Two and a half years ago I felt pain near my right kidney. I went to my general practitioner and was sent to the emergency room because “the hospital wouldn’t let me leave until they found the cause of the pain.” They found I had cancer on my right kidney. The cancer was treated by ablation, and I moved on.

Follow-up is vital. My surgeon and urologist continued to monitor me because of my firefighting history; and in December 2018, they found my cancer had returned. In my travels around the country working for ISO Community Hazard Mitigation, I’ve talked with significant numbers of firefighters dealing with cancer. They told me of the Firefighter Cancer Support Network. When my cancer returned, I called the network, and their support has been invaluable. Within 24 hours of my call, I had an appointment with the University of Miami Medical Center. They reviewed my case, and I had a plan of action in hours.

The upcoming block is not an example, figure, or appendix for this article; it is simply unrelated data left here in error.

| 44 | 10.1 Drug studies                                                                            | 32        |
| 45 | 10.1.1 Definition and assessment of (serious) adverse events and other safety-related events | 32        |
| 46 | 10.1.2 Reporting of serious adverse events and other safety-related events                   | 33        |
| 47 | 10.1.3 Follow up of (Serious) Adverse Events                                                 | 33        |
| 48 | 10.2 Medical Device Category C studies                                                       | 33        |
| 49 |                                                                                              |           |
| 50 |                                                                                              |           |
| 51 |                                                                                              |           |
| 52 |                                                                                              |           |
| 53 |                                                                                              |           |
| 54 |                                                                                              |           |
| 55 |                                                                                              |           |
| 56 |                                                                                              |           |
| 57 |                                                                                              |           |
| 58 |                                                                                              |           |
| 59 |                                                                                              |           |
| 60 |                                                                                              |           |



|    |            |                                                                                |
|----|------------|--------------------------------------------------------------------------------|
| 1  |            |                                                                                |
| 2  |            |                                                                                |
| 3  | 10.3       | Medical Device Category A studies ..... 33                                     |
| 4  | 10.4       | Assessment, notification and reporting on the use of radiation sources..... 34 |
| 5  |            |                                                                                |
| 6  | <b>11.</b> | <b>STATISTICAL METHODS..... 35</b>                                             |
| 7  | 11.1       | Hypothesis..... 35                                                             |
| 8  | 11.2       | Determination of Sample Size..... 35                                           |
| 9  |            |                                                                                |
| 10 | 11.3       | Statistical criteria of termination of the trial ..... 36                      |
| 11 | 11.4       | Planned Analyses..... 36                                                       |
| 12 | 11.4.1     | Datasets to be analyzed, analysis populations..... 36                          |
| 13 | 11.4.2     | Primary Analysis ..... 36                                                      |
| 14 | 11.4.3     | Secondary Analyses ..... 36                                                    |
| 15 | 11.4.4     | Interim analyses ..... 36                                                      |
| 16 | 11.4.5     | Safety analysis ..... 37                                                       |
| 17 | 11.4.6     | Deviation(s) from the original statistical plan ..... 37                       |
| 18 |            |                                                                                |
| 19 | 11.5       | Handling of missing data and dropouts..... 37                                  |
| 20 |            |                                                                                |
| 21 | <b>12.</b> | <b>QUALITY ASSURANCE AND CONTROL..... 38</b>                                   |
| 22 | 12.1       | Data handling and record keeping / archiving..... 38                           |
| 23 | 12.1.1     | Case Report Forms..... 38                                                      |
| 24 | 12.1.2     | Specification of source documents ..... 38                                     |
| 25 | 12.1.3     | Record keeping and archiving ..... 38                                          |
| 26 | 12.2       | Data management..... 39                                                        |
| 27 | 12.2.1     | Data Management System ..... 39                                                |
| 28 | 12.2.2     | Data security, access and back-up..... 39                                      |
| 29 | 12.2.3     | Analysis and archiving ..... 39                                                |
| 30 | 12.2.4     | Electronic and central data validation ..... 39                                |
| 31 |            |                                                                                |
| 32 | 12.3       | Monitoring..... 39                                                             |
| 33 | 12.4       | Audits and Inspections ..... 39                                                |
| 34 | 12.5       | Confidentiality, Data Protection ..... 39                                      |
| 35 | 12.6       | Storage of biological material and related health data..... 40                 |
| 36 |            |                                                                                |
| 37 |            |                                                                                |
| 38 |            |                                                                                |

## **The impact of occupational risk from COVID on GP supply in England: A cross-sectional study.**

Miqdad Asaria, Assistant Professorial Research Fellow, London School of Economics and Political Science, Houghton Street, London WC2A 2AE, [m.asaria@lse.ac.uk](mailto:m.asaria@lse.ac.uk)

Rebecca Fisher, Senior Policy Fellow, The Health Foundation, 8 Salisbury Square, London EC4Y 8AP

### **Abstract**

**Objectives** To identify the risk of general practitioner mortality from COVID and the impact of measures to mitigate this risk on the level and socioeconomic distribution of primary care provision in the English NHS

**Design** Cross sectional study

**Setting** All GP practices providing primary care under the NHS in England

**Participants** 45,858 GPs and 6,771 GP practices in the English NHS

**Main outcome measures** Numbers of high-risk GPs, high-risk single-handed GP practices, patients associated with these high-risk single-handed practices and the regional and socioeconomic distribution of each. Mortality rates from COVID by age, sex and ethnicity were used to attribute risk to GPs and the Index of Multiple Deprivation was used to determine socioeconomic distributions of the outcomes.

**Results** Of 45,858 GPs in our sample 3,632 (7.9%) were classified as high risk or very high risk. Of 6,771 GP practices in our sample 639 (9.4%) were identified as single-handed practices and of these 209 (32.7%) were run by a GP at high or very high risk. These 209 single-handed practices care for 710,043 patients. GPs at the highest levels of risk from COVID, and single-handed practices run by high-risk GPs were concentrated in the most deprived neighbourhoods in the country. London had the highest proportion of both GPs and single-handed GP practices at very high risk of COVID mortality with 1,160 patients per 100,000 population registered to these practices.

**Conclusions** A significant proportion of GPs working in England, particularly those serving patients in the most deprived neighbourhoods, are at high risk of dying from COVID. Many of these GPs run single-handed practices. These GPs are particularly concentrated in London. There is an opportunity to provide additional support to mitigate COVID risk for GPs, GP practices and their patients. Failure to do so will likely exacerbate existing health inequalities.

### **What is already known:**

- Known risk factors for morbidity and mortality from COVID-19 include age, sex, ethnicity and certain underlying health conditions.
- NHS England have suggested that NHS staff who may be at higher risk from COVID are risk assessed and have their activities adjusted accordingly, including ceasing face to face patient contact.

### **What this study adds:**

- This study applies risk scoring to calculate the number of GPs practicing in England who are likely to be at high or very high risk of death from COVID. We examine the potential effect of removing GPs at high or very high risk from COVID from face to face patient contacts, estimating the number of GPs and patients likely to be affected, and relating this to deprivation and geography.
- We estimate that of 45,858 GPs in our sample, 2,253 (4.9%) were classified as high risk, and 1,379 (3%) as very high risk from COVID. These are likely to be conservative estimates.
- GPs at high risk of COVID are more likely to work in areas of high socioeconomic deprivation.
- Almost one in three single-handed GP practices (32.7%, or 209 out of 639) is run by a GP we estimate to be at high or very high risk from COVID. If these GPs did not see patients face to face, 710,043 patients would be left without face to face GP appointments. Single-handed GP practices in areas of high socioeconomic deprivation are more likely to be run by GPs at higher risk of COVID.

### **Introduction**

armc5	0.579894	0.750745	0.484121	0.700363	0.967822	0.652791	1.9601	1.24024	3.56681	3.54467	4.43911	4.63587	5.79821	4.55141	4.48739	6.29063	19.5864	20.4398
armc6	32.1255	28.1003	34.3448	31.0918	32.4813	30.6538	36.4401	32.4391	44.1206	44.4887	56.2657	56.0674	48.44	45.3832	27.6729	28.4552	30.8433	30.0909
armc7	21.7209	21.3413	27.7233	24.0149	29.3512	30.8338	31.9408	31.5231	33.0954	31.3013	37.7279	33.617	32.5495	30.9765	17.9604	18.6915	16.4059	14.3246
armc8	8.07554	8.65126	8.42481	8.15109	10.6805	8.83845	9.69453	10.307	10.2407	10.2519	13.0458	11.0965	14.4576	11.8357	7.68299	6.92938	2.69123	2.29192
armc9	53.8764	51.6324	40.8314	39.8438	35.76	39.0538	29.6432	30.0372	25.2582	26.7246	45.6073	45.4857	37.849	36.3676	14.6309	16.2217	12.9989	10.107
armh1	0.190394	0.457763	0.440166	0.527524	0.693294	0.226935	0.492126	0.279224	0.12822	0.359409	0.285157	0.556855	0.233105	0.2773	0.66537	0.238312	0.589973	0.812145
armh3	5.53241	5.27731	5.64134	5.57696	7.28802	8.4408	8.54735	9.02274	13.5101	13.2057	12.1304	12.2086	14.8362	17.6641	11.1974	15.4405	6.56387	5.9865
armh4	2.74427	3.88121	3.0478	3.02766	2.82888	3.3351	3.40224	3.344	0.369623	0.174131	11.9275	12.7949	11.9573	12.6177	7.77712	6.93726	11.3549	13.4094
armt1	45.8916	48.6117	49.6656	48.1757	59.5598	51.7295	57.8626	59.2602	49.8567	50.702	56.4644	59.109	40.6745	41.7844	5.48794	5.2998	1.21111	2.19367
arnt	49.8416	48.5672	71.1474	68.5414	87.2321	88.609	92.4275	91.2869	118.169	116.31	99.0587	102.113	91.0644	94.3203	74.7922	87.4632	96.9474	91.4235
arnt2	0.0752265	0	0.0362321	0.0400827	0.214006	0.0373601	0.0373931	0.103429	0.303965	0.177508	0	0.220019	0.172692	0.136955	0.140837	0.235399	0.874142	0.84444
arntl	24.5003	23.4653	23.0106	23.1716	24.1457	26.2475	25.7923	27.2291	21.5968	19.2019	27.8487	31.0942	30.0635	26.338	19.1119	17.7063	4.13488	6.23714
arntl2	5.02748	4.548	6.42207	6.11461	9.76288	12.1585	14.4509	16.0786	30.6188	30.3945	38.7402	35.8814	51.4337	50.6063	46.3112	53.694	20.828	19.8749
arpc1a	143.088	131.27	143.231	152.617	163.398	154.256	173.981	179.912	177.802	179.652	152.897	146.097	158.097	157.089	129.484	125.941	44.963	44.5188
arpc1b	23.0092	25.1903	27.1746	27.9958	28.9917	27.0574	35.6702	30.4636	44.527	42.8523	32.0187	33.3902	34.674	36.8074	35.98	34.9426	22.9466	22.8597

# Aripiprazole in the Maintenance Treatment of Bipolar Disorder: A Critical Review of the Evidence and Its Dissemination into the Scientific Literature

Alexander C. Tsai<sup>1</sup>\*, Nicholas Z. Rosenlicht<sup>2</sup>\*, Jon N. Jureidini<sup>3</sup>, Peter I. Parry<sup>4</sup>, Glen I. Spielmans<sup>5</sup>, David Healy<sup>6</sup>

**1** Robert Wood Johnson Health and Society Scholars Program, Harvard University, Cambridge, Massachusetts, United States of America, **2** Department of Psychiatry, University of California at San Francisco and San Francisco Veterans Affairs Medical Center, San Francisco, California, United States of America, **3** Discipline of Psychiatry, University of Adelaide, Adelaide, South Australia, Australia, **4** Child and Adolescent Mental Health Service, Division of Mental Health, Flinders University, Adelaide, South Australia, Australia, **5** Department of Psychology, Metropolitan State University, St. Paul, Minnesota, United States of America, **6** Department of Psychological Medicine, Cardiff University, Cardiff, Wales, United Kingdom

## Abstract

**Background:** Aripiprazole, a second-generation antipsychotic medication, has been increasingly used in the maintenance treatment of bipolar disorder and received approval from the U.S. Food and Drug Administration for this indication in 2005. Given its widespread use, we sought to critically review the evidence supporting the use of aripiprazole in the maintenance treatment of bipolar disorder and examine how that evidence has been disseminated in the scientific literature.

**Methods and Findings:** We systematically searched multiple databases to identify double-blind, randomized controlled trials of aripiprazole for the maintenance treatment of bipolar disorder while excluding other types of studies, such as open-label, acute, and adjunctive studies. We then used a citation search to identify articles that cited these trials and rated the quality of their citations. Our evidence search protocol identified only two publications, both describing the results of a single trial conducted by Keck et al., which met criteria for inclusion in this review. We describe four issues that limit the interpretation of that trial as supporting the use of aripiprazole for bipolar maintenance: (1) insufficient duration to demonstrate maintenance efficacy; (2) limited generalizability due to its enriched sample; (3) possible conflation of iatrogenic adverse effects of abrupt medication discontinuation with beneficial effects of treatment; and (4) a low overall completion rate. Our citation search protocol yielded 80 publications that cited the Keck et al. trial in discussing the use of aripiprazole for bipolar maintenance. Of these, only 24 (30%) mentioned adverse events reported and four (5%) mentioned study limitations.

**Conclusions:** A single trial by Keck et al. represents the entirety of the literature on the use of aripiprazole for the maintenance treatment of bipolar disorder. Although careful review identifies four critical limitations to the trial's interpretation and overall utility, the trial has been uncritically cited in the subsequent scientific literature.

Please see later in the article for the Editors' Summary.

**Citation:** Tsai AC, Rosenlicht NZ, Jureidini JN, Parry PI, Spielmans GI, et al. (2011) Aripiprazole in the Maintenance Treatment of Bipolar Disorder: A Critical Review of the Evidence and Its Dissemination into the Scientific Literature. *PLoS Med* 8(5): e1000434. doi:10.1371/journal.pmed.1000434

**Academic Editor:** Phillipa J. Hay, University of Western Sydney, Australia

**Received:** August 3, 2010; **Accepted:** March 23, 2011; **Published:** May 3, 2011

The moral of the story is that if you feel something different, check it out. In my case, the recurrence of my cancer was found early again, and I’m confident that I’ll beat it this time as well. My support network will stay with me and my family throughout the process for as long as I need it.

My message to firefighters is that there’s support for when you’re challenged by cancer, heart disease, or thoughts of suicide. Support will be there when we’re challenged by the unknown. Don’t deny what may be happening to you. Call for help. Don’t wait until it’s too late.  

Former National Director, Community Hazard Mitigation, Verisk. Tom Weber is now retired.